"their living quarters with cowdung, decline food 
cooked by Muslims, cremate their dead and place 
the vermillion mark and the iron bangle upon 
their wives." 8 

8 Census of India, Vol. V (Bengal and Sikkim), Pt. 
1931 p. 383. 


Effects of Culture Contacts 

The effects of such contacts have been very far- 
reaching on the life of the aboriginals. Contacts 
with civilisation have undermined social solidarity, 
invaded tribal security, introduced discomforts, 
diseases and vices. The results may be detailed 
as below : 

(i) The rapid opening up of the means of com- 
munications has resulted more in conflict than in 
useful contact not necessarily a conflict of arms but 
of culture and material interest. Says Dr. Hutton, 
"Attempts to develop minerals, forests or land for 
intensive cultivation can only be made at the expense 
of the tribes whose isolation is thus invaded : 
tribal customs which regulate the ownership, usu- 
fruct or transfer of land are normally superseded 
by a Code in the application of which the tribe is 
deprived of its property, generally in the name of 
law, either by alienation to foreigners or by trans- 
ferring the trusteeship of a tribal chief into absolute 
ownership of a kind foreign to the customs of a 
tribe. The complicated system of administration 
of justice has tended to impair the natural truthful- 
ness and honesty of the people and social solidarity 
of the tribes has weakened the authority of the 
social heads and the respect they formerly com- 
manded." In spite of the best intentions a lot of 
injustice is done to the aboriginals by the Judges 
and Magistrates and the police officers of all grades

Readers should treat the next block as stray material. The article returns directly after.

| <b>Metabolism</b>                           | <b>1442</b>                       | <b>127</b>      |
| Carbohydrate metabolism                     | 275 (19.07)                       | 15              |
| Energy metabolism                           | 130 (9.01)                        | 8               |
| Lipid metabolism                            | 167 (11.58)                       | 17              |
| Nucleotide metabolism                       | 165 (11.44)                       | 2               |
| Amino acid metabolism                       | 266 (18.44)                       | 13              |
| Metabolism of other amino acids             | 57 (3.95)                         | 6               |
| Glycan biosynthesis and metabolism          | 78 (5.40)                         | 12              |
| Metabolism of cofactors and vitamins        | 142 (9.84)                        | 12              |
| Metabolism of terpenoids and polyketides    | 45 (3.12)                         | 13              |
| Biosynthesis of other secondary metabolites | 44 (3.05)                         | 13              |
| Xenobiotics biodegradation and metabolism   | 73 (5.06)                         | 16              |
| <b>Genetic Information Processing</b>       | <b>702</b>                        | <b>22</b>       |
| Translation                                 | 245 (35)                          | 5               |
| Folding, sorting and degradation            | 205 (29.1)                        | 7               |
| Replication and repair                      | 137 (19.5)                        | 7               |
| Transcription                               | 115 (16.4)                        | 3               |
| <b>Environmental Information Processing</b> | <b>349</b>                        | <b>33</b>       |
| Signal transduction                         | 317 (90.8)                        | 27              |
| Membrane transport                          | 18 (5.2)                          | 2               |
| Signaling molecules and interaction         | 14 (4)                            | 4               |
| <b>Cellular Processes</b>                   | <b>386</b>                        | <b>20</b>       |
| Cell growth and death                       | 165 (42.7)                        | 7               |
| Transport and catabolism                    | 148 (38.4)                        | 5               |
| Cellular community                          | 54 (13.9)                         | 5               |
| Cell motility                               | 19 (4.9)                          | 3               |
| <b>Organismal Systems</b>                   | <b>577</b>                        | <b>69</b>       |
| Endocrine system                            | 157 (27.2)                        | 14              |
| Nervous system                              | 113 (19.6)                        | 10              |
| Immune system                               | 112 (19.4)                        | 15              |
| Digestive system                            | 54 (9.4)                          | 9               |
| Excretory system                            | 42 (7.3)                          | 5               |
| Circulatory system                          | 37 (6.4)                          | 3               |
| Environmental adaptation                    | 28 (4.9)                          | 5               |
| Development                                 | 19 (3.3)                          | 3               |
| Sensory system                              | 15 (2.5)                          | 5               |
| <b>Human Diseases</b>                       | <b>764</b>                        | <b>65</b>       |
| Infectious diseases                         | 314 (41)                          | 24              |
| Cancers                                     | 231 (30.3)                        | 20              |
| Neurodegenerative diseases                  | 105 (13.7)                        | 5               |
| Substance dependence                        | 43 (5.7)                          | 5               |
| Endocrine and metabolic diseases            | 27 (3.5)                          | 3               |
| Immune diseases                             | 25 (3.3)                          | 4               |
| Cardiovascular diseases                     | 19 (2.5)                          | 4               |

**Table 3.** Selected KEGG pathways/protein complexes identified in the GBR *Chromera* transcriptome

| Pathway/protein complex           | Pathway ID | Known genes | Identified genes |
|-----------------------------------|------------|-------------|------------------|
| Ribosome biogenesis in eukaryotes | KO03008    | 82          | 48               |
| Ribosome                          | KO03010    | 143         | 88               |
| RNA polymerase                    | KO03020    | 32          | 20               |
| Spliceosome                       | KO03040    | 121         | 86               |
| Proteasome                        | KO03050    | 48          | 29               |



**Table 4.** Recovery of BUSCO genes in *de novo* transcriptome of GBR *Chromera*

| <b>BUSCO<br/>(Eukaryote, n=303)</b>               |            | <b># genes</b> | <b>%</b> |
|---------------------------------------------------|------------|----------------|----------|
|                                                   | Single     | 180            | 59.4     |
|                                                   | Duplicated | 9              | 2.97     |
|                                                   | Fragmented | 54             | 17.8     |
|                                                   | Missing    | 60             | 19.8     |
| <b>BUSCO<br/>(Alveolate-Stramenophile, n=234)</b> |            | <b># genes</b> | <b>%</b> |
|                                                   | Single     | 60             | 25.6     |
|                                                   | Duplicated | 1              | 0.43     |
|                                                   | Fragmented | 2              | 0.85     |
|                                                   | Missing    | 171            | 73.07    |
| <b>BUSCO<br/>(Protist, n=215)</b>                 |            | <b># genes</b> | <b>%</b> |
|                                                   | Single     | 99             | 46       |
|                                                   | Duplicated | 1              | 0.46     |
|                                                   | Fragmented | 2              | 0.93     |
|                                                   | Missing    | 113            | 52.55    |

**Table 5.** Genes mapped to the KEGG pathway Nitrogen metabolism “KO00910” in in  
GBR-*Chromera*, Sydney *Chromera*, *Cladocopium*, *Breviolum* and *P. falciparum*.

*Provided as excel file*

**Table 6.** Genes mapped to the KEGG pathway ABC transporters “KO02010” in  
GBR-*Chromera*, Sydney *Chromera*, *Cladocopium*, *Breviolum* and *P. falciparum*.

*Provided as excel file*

owing to their ignorance of customs and mensality 
of the aboriginal tribes they have to deal with. 


(ii) The introduction of the outstill system in 
tribal area in mines and industrial centres, where 
they frequent for employment, has led to an increase 
in drunkenness and immorality. "The temptation 
of distilary liquor", wrote Shri S. C. Roy, "intro- 
duced by the Government in some aboriginal areas 
is another evil that is working havoc, economi- 
cally, morally and physically/' 

(iii) One of the most important effects of con- 
tacts has been the spread of diseases in tribal 
areas. Mills has shown, while writing about the 
effects on some primitive tribes of Assam of con- 
tact with civilization, "That improved communica- 
tions while they have immensely facilitated internal 
trade, have undoubtedly spread disease; not only 
have specific diseases such as venereal diseases and 
T. B. been introduced but epidemics spread more 
quickly. The opening of the road to Manipur has 
led to an increase in prostitution.'' Emigration 
of labour from tribal areas to plantations and 
factories where conditions are not favourable to 
settlement has been the main source for the spread 
of epidemic diseases. The lure of free life unham- 
pered by social control pulls women to plantations 
and factories where they are tempted to a corrupt 
life and the large incidence of V. D. like syphilis 
and diabetes, gonnorohea, etc., among the labou- 
rers is directly traceable to such indiscriminate 
mixing of the sexes. Missionaries and the philan- 
throphic agencies have caused T. B., and other 
contact diseases to spread in tribal areas through 
indiscretion, as for example, doling out second